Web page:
Q :There's a real jerk at our club. He's a drunk, rude to the wait staff and is always trying to put down other members. I spoke aloud how I wished there was something I could do to this guy, and a friend told me about a product called Liquid Ass. It comes in a spray bottle, and smells worse than anything you can imagine. One day, when no one was around, I sprayed a few drops into the jerk's bag. The smell didn't dissipate. It ruined his grips, rainsuit, everything. I never intended this level of damage. I want to come clean, but there's no way the guy would forgive us. (Trust me, he's not the forgiving kind.) What should I do?
A :I don't know if I'm qualified to answer because all the forms of ass I know are solid. As tempting as it is to admire your creative providence, your course is clear. You and your complicit fecal terrorists must replace the jerk's bag, rainsuit and grips. You can do it anonymously by leaving an unmarked package in the bag room. In sympathy, I must say that I'm not sure what you do with jerks to unjerkify them. The biggest part of me believes that jerks are irredeemable, and the best course is to steer clear of them. What you could do is slip an anonymous letter into his locker. It might read: Underneath, you're probably a good dude, but many of us at this club aren't seeing that side of you. Everybody here is privileged to be able to play golf and relax in this wonderful place. The staff members work hard, and not for very much, to make our club terrific. They deserve more respect than you show them. Sorry about the Liquid Ass treatment your clubs and bag received. We had no idea that we were using a product that worked exactly as advertised. However, you should know and take it to heart that your bag smelled better than your behavior. Sorry for the embarrassment.
Q :I accepted an invitation from a buddy to play at his club. Later that week, I received another invite from a business colleague to play a course that's ranked in the top 10 of Golf Digest's 100 Greatest. Both were for Sunday morning. I bailed on my buddy, telling him "a work thing came up" and took the better offer. Was it the right decision?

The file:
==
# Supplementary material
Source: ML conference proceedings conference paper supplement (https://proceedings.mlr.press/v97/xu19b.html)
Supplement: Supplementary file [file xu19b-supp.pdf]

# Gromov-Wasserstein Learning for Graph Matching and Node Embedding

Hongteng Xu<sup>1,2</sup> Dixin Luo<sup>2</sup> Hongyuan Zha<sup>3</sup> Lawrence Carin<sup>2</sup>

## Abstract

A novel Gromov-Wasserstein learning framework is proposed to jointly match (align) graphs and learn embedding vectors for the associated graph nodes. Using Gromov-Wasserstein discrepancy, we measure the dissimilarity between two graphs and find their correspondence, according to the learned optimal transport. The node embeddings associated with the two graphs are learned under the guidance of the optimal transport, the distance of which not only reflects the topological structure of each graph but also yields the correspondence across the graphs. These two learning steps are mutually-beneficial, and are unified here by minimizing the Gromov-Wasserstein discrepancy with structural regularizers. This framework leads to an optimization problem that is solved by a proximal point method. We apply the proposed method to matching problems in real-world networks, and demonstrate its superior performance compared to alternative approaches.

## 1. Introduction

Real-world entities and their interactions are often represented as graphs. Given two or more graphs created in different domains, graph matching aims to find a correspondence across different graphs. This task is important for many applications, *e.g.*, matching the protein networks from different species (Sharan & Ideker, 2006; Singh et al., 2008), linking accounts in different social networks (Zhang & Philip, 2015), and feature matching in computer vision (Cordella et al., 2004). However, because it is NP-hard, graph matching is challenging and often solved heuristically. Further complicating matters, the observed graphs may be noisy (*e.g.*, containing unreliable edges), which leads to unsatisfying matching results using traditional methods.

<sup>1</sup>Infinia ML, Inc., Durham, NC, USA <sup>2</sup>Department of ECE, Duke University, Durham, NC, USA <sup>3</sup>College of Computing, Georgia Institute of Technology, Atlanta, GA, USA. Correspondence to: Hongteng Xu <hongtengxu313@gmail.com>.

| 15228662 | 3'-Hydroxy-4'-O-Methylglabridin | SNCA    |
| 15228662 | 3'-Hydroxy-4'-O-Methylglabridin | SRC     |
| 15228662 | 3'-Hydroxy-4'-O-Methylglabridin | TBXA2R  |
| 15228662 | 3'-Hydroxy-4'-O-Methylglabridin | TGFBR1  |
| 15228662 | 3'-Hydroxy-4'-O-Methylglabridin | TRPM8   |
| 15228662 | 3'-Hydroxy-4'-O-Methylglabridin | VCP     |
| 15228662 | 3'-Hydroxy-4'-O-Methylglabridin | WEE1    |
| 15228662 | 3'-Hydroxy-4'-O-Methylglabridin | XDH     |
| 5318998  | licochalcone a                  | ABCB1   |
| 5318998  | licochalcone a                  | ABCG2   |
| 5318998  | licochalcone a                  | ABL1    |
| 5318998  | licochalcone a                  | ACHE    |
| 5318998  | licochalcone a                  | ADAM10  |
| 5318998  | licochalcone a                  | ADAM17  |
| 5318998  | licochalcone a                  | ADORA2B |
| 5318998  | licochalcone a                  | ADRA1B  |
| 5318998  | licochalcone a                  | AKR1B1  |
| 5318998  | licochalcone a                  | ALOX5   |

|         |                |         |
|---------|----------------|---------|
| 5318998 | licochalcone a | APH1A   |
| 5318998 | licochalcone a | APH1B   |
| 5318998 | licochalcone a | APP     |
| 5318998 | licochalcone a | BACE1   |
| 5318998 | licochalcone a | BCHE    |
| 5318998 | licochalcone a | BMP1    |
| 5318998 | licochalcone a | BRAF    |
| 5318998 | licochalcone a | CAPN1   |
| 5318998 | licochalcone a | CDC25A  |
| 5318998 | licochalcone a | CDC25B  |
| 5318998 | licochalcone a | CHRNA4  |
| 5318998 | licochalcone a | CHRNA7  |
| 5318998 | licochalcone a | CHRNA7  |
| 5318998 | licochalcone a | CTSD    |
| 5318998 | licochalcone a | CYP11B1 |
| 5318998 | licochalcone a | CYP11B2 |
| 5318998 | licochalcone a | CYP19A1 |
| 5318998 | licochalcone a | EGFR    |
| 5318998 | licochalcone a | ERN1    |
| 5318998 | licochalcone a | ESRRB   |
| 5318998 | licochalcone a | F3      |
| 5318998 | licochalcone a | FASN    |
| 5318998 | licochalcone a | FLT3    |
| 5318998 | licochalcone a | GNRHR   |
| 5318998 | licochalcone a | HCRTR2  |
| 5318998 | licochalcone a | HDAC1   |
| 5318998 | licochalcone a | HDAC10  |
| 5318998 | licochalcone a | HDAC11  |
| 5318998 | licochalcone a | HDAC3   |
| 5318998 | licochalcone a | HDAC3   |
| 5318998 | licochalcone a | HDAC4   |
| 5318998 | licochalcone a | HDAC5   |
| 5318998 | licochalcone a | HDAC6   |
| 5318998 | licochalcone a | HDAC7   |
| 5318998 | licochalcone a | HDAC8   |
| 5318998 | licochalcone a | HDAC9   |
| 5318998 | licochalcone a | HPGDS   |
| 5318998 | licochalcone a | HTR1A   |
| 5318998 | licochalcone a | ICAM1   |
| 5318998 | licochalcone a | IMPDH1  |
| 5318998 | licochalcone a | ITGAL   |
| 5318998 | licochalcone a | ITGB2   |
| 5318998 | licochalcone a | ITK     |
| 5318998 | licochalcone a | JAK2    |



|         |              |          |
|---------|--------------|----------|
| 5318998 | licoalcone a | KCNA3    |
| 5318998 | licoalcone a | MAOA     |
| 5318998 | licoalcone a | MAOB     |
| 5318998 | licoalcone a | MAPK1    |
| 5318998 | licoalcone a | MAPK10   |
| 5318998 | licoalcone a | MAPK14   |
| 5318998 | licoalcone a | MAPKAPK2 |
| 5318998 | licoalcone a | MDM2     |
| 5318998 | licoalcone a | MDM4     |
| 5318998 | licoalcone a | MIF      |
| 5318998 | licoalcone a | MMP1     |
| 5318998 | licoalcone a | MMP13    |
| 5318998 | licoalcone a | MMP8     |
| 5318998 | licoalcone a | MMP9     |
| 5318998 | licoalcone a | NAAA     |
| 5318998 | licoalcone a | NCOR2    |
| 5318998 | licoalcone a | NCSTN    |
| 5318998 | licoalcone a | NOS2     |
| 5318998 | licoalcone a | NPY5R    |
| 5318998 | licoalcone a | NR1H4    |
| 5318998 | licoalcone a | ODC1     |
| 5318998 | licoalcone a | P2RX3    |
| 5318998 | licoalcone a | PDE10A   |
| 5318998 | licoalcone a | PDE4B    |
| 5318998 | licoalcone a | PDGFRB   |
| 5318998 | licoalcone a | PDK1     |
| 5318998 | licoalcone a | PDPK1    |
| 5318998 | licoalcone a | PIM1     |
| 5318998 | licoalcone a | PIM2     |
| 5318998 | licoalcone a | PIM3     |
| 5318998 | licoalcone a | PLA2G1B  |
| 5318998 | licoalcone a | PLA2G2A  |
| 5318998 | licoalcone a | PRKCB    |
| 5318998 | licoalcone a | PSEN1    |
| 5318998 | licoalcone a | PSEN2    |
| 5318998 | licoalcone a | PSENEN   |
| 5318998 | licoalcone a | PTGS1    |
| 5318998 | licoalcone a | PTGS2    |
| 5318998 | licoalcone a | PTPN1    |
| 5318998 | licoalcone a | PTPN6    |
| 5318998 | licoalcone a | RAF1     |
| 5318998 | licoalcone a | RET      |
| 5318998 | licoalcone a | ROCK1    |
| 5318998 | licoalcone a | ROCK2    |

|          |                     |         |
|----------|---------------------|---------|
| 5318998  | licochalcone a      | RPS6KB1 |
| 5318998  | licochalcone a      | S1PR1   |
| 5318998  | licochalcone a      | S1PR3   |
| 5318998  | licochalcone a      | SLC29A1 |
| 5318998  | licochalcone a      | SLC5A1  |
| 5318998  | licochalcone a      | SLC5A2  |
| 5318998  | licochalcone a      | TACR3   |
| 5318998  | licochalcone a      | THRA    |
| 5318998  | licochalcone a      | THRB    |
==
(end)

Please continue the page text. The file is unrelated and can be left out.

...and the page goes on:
A :The basic rule on ethical issues is that if you have to ask, you know it's wrong. Our instinctive compass points to moral north even though we don't always follow its arrow. You "better dealed" your buddy. This might be OK if he were only an acquaintance. But friendship requires loyalty above all else. You chose a great course over a great friend, and that sucks—and you know it. It also violates the Emily Post etiquette rule that requires honoring an accepted invitation no matter what else comes along. You could have asked your buddy if he would be OK with you playing, not just because of the course but because of the business connection. If he is a true friend, he would have let you off the hook because you can play with him anytime. That way you wouldn't have had to lie to cover your golf smarminess. I once bailed on meeting Mother Teresa so I could play a top track with my son, but I was clear about it to my meet-a-living-saint host.
I still wonder what she was like, but not all that much.
*Rabbi Marc Gellman writes a nationally syndicated column called The God Squad. He has a Ph.D. in philosophy and has lectured at several prestigious universities. He also campaigned to bring the U.S. Open to Bethpage Black in 2002. Did you do or see something questionable on or off the course? For expiation, send us an email detailing the action at firstname.lastname@example.org.
We'll maintain your anonymity.*